Much of the resistance to nuclear power stems from a fundamental misapprehension about radiation. Fortunately for life on this planet, low levels of radiation are both natural and beneficial, including to humans. If that were not the case, people living in areas that have relatively high natural background levels of radiation would present with more cases of cancer. Instead, the reverse is true; a lower incidence of cancer is experienced, except in the few areas where ambient radiation levels are exceptionally high. Although research on the subject is sparse, it is entirely possible that the health benefits of living with higher-than-average radiation levels are such that, in addition to affordable electricity, nuclear power stations should be reticulating mildly radioactive hot water for domestic heating and bathing. But while such a proposition will, to most, sound preposterous, the health benefits of radiotherapy are beyond reproach. This, despite the fact that surrounding tissue, which is significantly irradiated, quickly recovers. Fortunately for many current cancer sufferers, a hundred years of its use has conclusively proven radiotherapy’s efficacy and safety, as has the use of x-ray imaging.
Had the laws of physics been different and allowed the wholesale burning of fossil fuels for a hundred additional years before greenhouse gas levels led to dangerous global warming, the irrational fear of nuclear power might safely have harmlessly run its course, as did the not inconsiderable fear of electricity a century ago. Instead, a mere 150 years since the industrial revolution began in earnest, coal-fired, in England, warming there is bringing repeated flooding, leaving homes filled with silt. Thanks to having led the fossil-fueled revolution, the United Kingdom is exceptionally wealthy, unlike the Solomon Islands, which will struggle to rebuild homes and infrastructure in the aftermath of the weekend’s unprecedented flooding.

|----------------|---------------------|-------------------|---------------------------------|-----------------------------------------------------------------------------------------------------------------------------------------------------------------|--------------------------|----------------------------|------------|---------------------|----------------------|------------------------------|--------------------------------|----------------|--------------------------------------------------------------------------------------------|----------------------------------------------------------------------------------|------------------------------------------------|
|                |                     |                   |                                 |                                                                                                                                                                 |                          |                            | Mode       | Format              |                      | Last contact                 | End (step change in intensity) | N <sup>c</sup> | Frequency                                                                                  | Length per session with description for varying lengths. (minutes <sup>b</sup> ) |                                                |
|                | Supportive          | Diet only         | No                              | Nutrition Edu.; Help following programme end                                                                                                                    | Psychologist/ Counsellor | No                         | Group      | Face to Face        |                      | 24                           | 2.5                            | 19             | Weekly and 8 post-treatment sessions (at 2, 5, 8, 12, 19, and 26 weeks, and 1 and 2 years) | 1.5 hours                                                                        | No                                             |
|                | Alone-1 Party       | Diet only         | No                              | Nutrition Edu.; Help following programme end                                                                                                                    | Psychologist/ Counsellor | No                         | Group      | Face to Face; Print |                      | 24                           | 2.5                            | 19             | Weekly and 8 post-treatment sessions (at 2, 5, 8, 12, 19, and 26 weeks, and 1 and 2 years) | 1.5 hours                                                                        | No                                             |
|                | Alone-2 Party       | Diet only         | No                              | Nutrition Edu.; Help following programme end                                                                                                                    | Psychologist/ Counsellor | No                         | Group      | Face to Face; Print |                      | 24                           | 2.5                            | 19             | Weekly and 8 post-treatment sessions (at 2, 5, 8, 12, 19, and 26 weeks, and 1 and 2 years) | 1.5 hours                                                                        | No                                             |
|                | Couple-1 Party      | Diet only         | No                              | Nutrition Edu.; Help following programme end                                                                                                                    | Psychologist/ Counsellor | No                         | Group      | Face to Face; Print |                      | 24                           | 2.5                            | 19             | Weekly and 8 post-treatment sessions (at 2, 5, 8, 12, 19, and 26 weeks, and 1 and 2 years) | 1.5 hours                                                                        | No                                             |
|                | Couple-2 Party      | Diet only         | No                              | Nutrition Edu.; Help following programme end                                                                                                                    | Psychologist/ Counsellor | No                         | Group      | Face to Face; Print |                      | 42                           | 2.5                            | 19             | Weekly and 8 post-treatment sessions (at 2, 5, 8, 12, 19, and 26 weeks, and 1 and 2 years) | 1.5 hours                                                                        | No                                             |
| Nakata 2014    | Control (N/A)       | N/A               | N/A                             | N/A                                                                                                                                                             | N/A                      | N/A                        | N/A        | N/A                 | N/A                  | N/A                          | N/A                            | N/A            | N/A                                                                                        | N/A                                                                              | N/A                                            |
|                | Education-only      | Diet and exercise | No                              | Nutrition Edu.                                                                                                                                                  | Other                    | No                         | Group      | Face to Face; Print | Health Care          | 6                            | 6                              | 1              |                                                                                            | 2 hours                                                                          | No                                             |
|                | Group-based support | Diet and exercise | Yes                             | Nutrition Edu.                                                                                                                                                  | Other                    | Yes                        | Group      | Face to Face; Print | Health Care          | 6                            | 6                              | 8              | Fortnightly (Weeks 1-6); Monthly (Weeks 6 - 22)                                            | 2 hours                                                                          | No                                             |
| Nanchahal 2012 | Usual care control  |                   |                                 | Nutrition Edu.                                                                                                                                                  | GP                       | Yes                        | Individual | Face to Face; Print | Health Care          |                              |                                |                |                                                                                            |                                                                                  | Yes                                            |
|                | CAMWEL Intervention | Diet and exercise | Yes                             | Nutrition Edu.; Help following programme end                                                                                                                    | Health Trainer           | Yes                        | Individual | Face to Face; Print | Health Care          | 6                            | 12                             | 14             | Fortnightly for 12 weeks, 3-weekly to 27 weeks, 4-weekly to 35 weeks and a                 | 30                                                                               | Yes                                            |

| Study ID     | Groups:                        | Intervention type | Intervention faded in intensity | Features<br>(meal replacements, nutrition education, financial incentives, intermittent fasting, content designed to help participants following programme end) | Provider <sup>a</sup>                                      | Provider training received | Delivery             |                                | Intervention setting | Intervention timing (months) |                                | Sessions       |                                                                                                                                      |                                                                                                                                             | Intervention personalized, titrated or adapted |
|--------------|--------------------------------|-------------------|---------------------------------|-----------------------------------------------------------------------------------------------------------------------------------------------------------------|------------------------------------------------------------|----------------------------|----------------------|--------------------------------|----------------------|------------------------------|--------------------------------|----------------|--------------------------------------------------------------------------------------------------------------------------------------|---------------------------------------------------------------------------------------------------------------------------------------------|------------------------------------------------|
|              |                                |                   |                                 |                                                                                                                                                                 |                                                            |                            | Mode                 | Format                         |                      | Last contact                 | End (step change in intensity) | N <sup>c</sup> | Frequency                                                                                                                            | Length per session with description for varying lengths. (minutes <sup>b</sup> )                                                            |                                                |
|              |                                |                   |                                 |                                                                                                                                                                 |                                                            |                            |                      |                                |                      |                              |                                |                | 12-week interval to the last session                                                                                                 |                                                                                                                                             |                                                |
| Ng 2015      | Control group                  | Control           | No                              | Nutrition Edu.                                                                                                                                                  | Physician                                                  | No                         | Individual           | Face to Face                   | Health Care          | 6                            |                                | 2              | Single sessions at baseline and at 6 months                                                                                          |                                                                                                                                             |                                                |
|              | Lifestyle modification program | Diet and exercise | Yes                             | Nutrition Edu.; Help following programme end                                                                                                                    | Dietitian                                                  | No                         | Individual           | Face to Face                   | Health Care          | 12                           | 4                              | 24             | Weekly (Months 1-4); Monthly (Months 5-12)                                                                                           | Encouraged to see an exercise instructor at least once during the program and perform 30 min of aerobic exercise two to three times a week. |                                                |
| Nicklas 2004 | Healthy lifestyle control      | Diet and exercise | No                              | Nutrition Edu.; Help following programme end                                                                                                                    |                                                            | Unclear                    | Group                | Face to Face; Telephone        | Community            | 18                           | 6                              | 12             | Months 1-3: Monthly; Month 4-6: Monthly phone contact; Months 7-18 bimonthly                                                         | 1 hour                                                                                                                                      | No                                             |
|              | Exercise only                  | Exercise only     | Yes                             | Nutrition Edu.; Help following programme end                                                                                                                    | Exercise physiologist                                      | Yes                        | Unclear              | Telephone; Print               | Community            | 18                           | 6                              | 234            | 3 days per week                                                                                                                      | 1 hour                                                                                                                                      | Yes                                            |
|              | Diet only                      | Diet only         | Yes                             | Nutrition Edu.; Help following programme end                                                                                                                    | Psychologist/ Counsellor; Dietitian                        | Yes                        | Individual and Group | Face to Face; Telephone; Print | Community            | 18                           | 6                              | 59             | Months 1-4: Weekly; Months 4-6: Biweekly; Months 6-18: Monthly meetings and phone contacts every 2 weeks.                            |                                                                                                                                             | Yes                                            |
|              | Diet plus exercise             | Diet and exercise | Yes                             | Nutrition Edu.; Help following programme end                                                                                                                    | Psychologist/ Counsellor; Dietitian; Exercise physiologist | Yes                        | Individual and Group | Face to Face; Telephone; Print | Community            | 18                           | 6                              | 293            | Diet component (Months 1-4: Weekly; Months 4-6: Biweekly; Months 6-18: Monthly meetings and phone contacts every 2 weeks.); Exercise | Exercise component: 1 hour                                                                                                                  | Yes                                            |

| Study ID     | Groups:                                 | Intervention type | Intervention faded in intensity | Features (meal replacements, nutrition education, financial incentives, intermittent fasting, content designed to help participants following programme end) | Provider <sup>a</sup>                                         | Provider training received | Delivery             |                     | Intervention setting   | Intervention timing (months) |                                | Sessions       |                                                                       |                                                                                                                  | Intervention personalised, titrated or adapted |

New Zealanders are well accustomed to punching above their weight. David Lange’s accidental anti-nuclear-ship visit policy instantly appealed to New Zealanders’ preparedness to take a poke at a more powerful opponent, although a residual British sense of superiority probably contributed. But now, with the consequences of the United States’ stalled nuclear power programme, along with those of Japan and Germany, plainly hurting the low-lying and the drought-prone, its own farmers in particular in respect to the latter, Aotearoa has an unparalleled opportunity to make the international community sit up and take notice: by cancelling a couple of its roads-of-national-significance projects to the tune of US$3.3 billion, and spending the savings on a General Electric AP-1000 generation-three-plus nuclear power plant with passive nuclear safety features—certainly the exchange rate has never been better.